What Filters Go in My Car and Why?

What Filters Go in My Car and Why?

Anyone who has owned or leased a vehicle knows there is regular maintenance required to ensure the vehicle remains in optimal condition. One aspect of this routine maintenance is checking and replacing car air filters regularly. There are two main air filters found in cars: the cabin air filter and the engine air filter. In this article, we discuss why air filters were added to cars and the purpose of each filter.

Brief History of Car Air Filters

Engine air filters have been used alongside engines since the creation of the internal combustion engine, as people soon realized preventing contaminants from entering the engine led to more efficient combustion. Cars were originally driving on unpaved, dusty roads, so the engine air filter was crucial to ensuring the engine remained clean and ran effectively. Cabin air filters first appeared in cars that were built after the year 2000 and were added to help protect the air quality inside the car. Both engine and cabin air filters are typically made of filter media, similar to air filters found in your HVAC system.

Engine Air Filter

The engine air filter’s primary role is to make sure dirt, dust, particulate matter, and other pollutants do not build up in the engine. Gas-powered vehicles use internal combustion engines that require air to function properly. The engine air filter protects engine performance and efficiency by reducing the number of contaminants reaching the engine. Contaminants can decrease the lifespan of the engine, leading to costly repairs or total replacement down the road. Engine air filters should be regularly checked and replaced as often as recommended in the owner’s manual, or sooner if particularly dirty. The average mileage to replace the engine air filter is about 15,000 to 30,000 miles but is also dependent upon different factors like the types of roads traveled on (e.g. dirt and gravel roads) and the overall air quality of your location.

When an engine air filter is not replaced in a timely manner, there will eventually be reduced airflow to the engine. If an engine does not have appropriate airflow due to a dirty engine air filter, the car may experience a decrease in fuel economy, damaged spark plugs, possible engine misfires, and even severe engine damage. You may also end up failing any applicable emissions inspections. Check your car’s owner’s manual or use this engine air filter finder to easily determine what air filter your engine needs.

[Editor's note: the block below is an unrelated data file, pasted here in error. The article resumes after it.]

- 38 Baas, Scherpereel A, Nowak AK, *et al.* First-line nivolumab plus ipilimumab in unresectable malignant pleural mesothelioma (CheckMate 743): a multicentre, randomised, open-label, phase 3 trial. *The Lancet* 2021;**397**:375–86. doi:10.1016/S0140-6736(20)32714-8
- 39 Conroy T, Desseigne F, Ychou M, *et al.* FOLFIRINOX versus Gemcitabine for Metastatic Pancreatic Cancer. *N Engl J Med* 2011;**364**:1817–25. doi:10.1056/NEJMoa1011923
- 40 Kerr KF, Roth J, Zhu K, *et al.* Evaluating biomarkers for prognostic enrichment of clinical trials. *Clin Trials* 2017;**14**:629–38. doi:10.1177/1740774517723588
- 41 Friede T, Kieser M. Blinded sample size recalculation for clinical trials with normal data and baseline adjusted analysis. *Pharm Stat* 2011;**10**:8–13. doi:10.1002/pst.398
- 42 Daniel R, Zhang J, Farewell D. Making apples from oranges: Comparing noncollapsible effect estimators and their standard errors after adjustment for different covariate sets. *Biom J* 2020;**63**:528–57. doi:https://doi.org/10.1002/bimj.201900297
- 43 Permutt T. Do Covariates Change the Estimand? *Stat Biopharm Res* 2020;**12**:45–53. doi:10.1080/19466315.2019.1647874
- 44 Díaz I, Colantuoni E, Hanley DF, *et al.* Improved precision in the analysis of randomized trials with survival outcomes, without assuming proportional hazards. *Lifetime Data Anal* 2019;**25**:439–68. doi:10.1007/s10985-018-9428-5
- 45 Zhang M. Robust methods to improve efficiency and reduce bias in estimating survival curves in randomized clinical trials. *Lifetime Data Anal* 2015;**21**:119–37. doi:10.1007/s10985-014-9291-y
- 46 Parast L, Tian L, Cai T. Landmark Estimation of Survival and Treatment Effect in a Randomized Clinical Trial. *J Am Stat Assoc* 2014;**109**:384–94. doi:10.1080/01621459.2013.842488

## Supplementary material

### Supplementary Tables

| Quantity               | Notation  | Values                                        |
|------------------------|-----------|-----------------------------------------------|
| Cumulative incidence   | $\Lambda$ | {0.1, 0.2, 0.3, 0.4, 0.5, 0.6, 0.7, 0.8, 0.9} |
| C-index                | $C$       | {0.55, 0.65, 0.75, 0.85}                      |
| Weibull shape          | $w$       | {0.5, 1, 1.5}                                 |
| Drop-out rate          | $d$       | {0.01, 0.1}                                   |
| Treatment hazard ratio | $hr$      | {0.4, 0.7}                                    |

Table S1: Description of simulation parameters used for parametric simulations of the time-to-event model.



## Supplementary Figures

Cabin Air Filter

The cabin air filter was introduced into cars to help combat the negative impacts on human health from exposure to poor air quality. The cabin air filter does this by trapping air pollutants before they enter the cabin of the vehicle. As more scientific studies showed that exposure to air pollution can lead to a host of health problems, including respiratory illness, cardiovascular disease, and even cancer, the need for a cabin air filter to protect car occupants became apparent. Per an AAA Foundation study, Americans spend around 70 billion hours driving in cars per year, and an average of an hour of driving each day. Particularly for residents in heavily polluted, urban areas, this amount of driving can lead to significant exposure to contaminants without a clean cabin air filter, which helps prevent air pollution from entering the car and keeps the car’s air clean.

The cabin air filter also filters pollen, dust, and allergens, which helps reduce possible allergic and asthmatic reactions. Cabin air filters are typically replaced every 12,000 to 15,000 miles but refer to your owner’s manual to confirm your specific vehicle’s recommendation. Additionally, the vehicle and filter type, road type, and location type also apply to determining the lifespan of your cabin air filter. If you need to find what cabin air filter fits your vehicle, use this cabin air filter finder.

A cabin air filter that has not been cleaned or replaced regularly will not filter air correctly, leading to possible aggravated allergies and exposure to air pollution. Improper maintenance of cabin air filters may also lead to car air conditioning problems, including reduced airflow and unfavorable, musty odors. Excessive noises or whistling may occur as well. If any of these problems occur, inspect your cabin air filter.

Changing Your Vehicle’s Air Filters

While most people opt to have a mechanic change the air filters during routine maintenance, it’s very easy for you to change these filters yourself. This will save you money, as these filters are relatively inexpensive and you’ll avoid the markup of the auto shop. Check out these videos below on how to locate and change the air filters in your car.


The engine and cabin air filters protect both the engine and you from air pollution and associated contaminants. like dust, dirt, pollen, smog, and particulates. Regular inspection, cleaning, and replacement of these filters will ensure your engine is running efficiently and will provide you with cleaner, safer air to breathe. Now it’s time to order your replacement engine and cabin air filters so that you can start changing them yourself!

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